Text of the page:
There are a number of ways in which governments can help the poor put food on the table more cheaply: support the World Trade Organization’s efforts to cut tariffs on agriculture imports from other countries, stop subsidizing farmers at home, and allow farms to grow into larger agri-businesses rather than romanticize the smaller ones (which inevitably means more subsidies when smaller enterprises face a downturn).
But one way which won’t help is subsidizing ill-conceived feel-good policy, which helps neither the environment, nor those on low incomes.
Exhibit A is the Canadian and U.S. governments’ obsession with subsidizing ethanol and other supposed biofuels, this on the justification of a cleaner environment.
In Canada, the federal government plans to give $1.5 billion to biofuel producers over the next nine years, $200 million to farmers, and ante up another $500 million for large-scale production facilities.
Down south, biofuel subsidies will amount to between $6.3 billion and $8.7 billion US each year up to 2012, due mostly to a 51-cent-per gallon excise tax credit paid to U.S. refiners for renewable fuel production. The money is not exactly going to those in dire straits. One company, Archer Daniels Midland, has received $10 billion US in ethanol subsidies since 1980.
But there are unintended consequences from the ethanol craze.
For example, on the environmental question, gasoline-ethanol blends reduce greenhouse gas emissions by between five and 15 per cent depending on the mix. And one U.S. department of Agriculture study argued that ethanol made from corn yields 34 per cent more energy than what it takes to turn corn and other products into ethanol.
In other words, tally up the greenhouse gas produced by the fertilizers, farm equipment, transportation and other links in the ethanol production process and there’s a net reduction in emissions. Both sound like a reasonable environmental return.
In Canada, the Ministry of Natural Resources claims greenhouse gases are reduced by three to eight per cent depending on which product is used to produce ethanol, corn or wood waste. The department asserts that if fuel with 85 per cent ethanol were used in our automobiles instead of straight gasoline, net emissions would be reduced by up to 75 per cent.
But others dispute the net reduction claims including authors of a recent study from Princeton University. The Princeton study, released last month, argues that reports which buttress the American government assertions only analyzed one side of the equation — the reduction in greenhouse gases from the use of biofuels. But they omit the carbon cost of diverting land from existing uses into biofuel production.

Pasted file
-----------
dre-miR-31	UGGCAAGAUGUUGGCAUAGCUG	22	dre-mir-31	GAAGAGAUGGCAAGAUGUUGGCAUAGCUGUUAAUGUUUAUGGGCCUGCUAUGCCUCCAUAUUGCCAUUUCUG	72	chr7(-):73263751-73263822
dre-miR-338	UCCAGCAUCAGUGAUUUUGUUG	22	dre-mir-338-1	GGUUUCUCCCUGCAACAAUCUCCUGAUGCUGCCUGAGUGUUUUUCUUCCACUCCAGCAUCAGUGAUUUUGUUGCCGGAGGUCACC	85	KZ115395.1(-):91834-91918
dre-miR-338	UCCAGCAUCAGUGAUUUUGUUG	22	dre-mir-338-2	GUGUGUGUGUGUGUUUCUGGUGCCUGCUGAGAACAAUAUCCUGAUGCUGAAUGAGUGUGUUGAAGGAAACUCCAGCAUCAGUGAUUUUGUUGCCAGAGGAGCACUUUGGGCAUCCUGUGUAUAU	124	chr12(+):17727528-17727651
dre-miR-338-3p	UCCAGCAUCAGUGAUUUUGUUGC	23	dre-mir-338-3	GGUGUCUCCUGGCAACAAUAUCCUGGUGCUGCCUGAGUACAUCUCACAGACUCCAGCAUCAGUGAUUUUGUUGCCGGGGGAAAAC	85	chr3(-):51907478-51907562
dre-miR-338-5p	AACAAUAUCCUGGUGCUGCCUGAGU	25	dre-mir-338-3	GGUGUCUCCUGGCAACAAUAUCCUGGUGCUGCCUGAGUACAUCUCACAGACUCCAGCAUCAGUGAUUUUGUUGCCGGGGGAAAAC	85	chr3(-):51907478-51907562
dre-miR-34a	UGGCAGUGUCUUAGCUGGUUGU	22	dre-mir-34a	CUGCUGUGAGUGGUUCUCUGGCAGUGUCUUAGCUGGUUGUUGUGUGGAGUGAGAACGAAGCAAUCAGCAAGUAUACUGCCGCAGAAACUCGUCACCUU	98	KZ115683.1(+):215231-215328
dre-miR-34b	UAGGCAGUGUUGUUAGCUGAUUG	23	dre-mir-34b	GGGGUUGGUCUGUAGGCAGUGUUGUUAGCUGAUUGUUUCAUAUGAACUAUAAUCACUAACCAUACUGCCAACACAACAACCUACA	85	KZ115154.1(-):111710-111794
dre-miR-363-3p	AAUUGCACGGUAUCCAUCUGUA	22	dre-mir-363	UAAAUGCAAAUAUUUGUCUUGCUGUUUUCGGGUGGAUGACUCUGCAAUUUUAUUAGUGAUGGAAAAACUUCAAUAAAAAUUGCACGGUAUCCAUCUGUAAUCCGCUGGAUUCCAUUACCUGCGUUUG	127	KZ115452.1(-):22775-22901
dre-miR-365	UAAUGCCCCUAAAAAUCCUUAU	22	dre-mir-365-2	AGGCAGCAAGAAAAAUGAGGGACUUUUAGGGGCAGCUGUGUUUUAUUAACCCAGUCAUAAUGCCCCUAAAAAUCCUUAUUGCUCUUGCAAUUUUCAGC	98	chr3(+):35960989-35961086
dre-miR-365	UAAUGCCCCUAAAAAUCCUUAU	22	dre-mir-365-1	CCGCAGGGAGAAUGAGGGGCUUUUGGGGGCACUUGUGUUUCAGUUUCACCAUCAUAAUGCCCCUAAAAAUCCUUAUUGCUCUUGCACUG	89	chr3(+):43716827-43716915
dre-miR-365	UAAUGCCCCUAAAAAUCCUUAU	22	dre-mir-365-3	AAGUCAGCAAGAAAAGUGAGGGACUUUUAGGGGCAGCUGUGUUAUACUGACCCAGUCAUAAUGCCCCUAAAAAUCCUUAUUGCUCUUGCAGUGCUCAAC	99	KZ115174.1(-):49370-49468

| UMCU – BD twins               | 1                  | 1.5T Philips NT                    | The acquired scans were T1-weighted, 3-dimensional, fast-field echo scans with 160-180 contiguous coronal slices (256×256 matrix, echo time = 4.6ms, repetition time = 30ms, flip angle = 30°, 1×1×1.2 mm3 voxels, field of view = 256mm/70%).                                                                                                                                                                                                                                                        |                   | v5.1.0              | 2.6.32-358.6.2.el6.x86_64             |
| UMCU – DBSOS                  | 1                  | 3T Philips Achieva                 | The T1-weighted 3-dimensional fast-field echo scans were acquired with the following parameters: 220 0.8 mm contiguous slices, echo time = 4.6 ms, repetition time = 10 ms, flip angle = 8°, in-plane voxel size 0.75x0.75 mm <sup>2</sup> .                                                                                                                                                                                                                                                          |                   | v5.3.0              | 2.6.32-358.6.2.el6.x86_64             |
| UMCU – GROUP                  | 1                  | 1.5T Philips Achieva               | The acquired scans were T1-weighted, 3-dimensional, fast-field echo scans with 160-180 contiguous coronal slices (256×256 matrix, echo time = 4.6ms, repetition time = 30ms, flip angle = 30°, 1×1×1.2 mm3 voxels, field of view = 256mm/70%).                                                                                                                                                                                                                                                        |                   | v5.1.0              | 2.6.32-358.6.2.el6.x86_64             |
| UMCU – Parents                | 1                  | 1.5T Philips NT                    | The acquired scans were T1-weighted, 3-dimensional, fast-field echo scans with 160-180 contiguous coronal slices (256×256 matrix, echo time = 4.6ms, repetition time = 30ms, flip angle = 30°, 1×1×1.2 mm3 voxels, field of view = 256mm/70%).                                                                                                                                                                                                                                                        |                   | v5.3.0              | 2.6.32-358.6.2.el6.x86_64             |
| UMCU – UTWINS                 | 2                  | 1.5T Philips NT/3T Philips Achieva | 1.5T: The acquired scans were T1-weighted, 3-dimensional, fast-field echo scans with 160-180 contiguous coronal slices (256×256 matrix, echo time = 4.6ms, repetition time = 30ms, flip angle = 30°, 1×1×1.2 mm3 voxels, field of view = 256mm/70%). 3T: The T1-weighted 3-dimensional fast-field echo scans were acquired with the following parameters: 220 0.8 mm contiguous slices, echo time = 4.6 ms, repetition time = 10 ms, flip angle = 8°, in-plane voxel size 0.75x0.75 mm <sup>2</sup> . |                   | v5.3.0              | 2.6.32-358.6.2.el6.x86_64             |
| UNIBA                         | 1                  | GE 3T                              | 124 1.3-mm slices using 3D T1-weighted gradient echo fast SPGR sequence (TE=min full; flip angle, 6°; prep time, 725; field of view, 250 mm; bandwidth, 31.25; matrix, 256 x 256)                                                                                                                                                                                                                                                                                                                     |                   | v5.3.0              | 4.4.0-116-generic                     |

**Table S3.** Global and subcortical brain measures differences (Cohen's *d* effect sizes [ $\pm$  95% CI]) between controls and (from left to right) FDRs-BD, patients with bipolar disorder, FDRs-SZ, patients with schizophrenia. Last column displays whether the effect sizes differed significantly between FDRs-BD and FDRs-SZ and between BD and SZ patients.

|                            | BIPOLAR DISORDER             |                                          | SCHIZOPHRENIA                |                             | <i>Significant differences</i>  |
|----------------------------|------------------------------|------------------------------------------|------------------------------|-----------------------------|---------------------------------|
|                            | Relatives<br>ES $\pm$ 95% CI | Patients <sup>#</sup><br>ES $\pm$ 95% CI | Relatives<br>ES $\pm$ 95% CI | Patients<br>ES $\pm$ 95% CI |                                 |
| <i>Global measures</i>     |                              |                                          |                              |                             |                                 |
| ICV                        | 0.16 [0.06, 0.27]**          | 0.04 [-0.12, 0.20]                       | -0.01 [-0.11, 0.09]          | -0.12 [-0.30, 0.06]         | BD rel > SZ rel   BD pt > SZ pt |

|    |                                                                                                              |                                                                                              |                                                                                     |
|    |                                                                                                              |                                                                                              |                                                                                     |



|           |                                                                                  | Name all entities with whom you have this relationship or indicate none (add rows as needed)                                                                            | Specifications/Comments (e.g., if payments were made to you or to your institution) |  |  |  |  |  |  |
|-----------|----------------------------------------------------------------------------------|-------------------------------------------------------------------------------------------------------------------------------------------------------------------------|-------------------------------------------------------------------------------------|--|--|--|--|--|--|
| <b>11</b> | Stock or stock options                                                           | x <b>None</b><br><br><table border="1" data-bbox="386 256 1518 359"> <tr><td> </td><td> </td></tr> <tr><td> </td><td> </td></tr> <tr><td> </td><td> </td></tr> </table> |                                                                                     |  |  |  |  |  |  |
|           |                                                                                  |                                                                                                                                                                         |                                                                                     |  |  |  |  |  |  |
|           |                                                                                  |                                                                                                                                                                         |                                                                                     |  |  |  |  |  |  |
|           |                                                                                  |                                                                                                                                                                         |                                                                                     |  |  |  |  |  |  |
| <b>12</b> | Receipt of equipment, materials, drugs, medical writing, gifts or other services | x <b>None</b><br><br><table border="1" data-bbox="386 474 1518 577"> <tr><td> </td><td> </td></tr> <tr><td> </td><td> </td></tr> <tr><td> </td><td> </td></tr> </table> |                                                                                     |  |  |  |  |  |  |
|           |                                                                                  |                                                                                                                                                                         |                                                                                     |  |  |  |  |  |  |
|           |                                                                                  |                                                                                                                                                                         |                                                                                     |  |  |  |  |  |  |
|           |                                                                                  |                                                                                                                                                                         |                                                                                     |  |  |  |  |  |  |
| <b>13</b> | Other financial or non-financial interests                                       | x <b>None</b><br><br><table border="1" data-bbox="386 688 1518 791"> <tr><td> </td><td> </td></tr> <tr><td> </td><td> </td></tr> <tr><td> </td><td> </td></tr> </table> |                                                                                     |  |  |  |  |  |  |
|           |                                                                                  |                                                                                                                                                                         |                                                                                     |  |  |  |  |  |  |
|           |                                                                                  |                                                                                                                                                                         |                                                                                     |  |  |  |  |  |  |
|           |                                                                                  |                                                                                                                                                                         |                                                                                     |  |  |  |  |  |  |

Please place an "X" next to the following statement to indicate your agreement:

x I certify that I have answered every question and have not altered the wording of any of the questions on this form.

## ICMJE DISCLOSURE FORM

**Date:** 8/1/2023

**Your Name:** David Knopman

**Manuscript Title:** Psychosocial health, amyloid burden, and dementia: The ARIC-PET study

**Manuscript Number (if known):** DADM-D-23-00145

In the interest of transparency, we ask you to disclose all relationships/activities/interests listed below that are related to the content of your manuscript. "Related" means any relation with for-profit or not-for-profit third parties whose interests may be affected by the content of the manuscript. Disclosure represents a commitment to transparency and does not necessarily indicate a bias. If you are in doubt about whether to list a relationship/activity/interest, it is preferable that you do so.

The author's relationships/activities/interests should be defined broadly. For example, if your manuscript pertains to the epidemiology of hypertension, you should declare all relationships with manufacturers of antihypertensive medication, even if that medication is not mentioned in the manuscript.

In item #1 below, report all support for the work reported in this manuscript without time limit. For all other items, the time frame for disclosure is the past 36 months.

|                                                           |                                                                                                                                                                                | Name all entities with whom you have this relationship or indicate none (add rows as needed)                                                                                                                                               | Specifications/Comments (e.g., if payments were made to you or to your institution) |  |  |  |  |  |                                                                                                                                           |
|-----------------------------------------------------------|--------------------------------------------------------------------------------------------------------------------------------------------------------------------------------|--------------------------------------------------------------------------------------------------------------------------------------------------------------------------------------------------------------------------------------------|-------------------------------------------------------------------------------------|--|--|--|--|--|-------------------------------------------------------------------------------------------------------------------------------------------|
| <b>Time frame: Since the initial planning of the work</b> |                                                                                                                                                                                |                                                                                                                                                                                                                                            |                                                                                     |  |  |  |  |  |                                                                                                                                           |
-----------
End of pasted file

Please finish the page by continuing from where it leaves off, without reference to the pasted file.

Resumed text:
The Princeton authors argue that ethanol-based gasoline would produce almost twice as much in greenhouse gas emissions as the gasoline it replaces due to land-use changes. For example, the study notes that the rush to produce ethanol means more forest or grassland will be ploughed under. That in turn will release much of the carbon formerly stored in plants and soils through decomposition or fires.
Tim Searchinger, a former Environmental Defense Fund lawyer and lead author of the study, recommends making more biofuel from products which will not require a diversion of more land, such as garbage.
Increased greenhouse gas emissions are one unintended consequence of producing ethanol from corn and other products. (Much of the ethanol in Brazil is produced from sugarcane, but that process produces fewer greenhouse gas emissions.)
Another is the effect upon the cost of food. And here’s where the poor, who spend much of their meagre incomes on food and shelter, get hammered.
For example, Mexico’s president, Felipe Calderon, capped tortilla prices in January 2007, this after a 700 per cent rise in the price of Mexican tortillas since 1994. That spike was driven in part by increased U.S. demand for ethanol and therefore corn, which is used for ethanol and tortillas.
And it’s going to get worse. Last year, U.S. President George W. Bush signed an energy initiative to increase ethanol use 10-fold over 10 years.
Neither that announcement, nor Canadian support for biofuels, should be welcome news to consumers who will see their food prices raised by ethanol-driven demand for grain.
Ronald Bailey, Reason magazine’s science editor, notes that “a partially biofuelled future may actually work technically one day and may produce more energy than it uses,” but it hasn’t yet arrived, and subsidies are not terribly helpful in achieving that desirable end. That’s because government cash is often directed to the wrong initiatives, distorts markets, and thus produces unintended consequences. Such as higher food prices for those who can least afford it.